Period 1, December 2006 – September 2009: A CBC with manual differential count and a measurement of CRP were performed in all infants born to mothers with at least one risk factor for neonatal infection (inadequate GBS prophylaxis, rupture of membranes >18 hours [PROM], maternal fever, prematurity <37 weeks of gestation), in accordance with the 2002 guidelines of the Swiss Society of Neonatology [3]. No specific instructions were given to clinicians regarding the timing of diagnostic tests. Vital signs were checked by midwives every 4 hours during the first 24 hours and every 8 hours during the next 24 hours in all infants with risk factors for EOS.

Period 2, October 2009 – December 2011: In addition to the monitoring of vital signs by midwives, infants with risk factors for EOS were examined by paediatric residents every 8 hours during the first 24 hours. A CBC was performed only in infants exposed to maternal chorioamnionitis, defined as maternal fever >38 °C plus at least two of the following signs: maternal heart rate >100/min, foetal heart rate >160/min, uterine tenderness, purulent amniotic fluid, maternal leucocytosis 15,000/mm3. During the two study periods, the decision to start antibiotics was at the discretion of the attending neonatologist and blood cultures were obtained only in treated patients. Blood cultures, CBCs and CRP measurements were performed during the two study periods in all treated patients to assist clinicians in determining the duration of antibiotic treatment. Lumbar punctures were performed on an individual basis and urine cultures were not part of the diagnostic workup for EOS [15].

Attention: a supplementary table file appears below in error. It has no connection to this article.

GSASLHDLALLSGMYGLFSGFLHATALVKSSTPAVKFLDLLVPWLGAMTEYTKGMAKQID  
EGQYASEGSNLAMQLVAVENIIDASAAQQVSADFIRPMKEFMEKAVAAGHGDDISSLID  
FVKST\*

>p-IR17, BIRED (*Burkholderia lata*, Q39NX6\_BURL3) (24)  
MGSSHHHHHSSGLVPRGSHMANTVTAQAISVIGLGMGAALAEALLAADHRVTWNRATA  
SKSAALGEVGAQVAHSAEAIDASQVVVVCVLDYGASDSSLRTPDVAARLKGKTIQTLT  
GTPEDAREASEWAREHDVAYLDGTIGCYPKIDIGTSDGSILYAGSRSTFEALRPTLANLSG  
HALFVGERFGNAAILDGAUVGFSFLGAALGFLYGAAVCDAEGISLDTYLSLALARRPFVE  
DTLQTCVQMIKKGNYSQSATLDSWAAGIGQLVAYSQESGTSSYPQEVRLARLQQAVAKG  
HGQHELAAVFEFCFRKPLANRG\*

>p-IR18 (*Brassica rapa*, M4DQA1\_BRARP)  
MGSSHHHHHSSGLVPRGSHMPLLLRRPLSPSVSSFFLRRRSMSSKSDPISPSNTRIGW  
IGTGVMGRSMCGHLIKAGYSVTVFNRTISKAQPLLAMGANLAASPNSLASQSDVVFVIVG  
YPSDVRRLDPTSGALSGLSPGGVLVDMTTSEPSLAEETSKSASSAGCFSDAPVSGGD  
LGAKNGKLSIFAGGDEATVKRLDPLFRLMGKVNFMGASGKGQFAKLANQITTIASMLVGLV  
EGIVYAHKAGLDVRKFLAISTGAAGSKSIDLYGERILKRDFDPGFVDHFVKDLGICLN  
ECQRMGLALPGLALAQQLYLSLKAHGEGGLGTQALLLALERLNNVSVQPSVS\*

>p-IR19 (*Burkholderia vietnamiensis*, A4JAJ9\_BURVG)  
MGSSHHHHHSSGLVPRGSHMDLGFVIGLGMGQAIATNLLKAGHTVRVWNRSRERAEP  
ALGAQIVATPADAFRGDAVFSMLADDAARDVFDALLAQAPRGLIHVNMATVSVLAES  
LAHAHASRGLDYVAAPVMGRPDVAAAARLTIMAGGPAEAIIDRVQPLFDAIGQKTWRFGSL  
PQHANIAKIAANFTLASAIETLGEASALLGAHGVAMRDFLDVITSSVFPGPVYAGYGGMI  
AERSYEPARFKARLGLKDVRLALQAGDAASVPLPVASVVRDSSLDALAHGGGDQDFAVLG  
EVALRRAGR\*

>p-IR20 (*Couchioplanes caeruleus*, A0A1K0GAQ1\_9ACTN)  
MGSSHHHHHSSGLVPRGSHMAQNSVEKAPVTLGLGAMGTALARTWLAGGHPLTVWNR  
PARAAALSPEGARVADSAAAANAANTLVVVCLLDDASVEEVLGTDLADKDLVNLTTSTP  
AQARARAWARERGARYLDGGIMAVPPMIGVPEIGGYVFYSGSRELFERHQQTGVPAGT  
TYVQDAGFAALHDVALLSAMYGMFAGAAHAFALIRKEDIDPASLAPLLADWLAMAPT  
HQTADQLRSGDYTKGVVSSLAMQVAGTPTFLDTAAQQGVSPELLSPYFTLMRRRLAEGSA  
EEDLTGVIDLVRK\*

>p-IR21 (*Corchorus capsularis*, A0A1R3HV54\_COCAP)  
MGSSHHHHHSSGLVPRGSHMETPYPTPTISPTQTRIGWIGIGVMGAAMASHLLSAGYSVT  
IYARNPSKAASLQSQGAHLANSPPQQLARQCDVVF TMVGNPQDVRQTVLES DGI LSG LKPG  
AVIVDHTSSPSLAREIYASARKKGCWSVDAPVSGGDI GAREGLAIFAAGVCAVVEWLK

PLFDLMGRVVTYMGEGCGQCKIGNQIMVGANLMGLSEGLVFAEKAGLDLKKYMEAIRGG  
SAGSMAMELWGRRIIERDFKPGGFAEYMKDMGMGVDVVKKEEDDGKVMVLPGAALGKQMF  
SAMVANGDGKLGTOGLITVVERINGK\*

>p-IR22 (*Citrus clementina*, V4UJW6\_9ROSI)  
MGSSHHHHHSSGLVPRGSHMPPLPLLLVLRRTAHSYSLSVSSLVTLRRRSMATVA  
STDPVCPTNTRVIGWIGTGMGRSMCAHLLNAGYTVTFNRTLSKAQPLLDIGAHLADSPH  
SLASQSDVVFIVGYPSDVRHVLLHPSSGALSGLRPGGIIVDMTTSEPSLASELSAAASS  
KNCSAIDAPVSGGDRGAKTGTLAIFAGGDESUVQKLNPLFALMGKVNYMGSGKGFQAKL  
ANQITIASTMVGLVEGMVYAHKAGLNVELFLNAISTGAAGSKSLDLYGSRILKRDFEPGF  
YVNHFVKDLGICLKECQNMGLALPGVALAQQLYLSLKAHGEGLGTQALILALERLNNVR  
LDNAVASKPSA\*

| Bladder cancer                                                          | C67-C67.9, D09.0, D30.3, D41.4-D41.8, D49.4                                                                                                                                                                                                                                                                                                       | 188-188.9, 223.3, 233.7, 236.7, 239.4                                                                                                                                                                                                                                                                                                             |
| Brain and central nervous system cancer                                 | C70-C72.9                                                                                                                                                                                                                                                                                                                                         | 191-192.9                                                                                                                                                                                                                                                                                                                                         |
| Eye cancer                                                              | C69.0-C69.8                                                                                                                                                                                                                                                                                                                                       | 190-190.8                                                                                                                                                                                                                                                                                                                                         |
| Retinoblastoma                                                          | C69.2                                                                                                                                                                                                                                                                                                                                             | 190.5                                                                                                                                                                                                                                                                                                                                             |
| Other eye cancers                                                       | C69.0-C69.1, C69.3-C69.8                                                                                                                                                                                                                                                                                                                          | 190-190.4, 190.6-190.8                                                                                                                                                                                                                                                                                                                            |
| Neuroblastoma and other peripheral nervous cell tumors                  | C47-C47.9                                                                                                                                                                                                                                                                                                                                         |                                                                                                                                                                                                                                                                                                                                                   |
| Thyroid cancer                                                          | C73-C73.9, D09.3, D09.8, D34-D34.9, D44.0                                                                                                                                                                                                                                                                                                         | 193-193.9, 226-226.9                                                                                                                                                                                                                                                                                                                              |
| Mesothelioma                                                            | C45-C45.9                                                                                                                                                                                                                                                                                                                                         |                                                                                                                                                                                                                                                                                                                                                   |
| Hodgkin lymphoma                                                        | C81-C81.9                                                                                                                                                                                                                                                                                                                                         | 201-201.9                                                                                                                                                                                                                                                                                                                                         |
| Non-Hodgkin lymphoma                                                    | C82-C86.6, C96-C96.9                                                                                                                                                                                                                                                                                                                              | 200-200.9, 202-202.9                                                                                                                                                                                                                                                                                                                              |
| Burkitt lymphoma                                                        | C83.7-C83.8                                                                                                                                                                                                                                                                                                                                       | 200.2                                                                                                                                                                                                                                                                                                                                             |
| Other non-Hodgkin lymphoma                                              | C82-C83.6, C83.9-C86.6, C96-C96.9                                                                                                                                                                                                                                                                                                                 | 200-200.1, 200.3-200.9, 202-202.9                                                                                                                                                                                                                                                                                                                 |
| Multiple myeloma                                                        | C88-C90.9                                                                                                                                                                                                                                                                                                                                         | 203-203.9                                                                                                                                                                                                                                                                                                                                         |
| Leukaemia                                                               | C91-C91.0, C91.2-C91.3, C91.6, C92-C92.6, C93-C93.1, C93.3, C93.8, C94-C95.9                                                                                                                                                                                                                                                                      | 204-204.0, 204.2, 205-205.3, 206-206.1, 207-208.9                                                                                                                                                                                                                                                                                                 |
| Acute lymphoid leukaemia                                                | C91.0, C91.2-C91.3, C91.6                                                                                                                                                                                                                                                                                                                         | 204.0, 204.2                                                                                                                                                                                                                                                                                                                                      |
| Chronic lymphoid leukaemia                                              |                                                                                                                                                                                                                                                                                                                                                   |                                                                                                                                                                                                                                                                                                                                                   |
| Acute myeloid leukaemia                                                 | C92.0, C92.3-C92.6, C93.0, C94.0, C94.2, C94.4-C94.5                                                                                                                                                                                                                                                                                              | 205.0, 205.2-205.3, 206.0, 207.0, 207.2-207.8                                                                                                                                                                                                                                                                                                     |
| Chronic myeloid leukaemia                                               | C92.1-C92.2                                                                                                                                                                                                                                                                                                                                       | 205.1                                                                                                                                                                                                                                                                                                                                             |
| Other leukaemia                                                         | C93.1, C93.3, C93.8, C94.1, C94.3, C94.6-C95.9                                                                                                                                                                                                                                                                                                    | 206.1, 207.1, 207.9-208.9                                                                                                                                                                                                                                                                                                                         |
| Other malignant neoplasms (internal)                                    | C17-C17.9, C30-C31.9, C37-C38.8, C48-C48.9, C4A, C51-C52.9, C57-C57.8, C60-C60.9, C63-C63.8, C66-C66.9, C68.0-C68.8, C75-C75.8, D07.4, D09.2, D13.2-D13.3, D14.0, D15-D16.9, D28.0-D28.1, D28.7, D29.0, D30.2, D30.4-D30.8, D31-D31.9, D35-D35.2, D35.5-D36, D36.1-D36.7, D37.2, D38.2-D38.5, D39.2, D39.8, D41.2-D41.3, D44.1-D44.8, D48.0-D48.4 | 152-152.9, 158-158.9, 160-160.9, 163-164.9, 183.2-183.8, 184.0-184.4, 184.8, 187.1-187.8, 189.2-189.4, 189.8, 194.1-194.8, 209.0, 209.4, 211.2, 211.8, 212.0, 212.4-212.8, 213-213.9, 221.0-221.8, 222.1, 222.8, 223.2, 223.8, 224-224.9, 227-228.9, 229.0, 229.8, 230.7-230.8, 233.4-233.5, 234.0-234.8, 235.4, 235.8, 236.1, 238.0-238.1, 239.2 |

Infants treated with antibiotics for suspected EOS during Period 1 and Period 2 were identified using the clinical information system MetaVision (iMDsoft, Massachusetts, USA) and our neonatal database. During Period 2, cases were also collected prospectively by the reporting of each infant treated with antibiotics during the first week of life. Prospective collection of cases during Period 2 showed that MetaVision effectively identified all infants treated with antibiotics for suspected EOS (no cases were missed).

Outcomes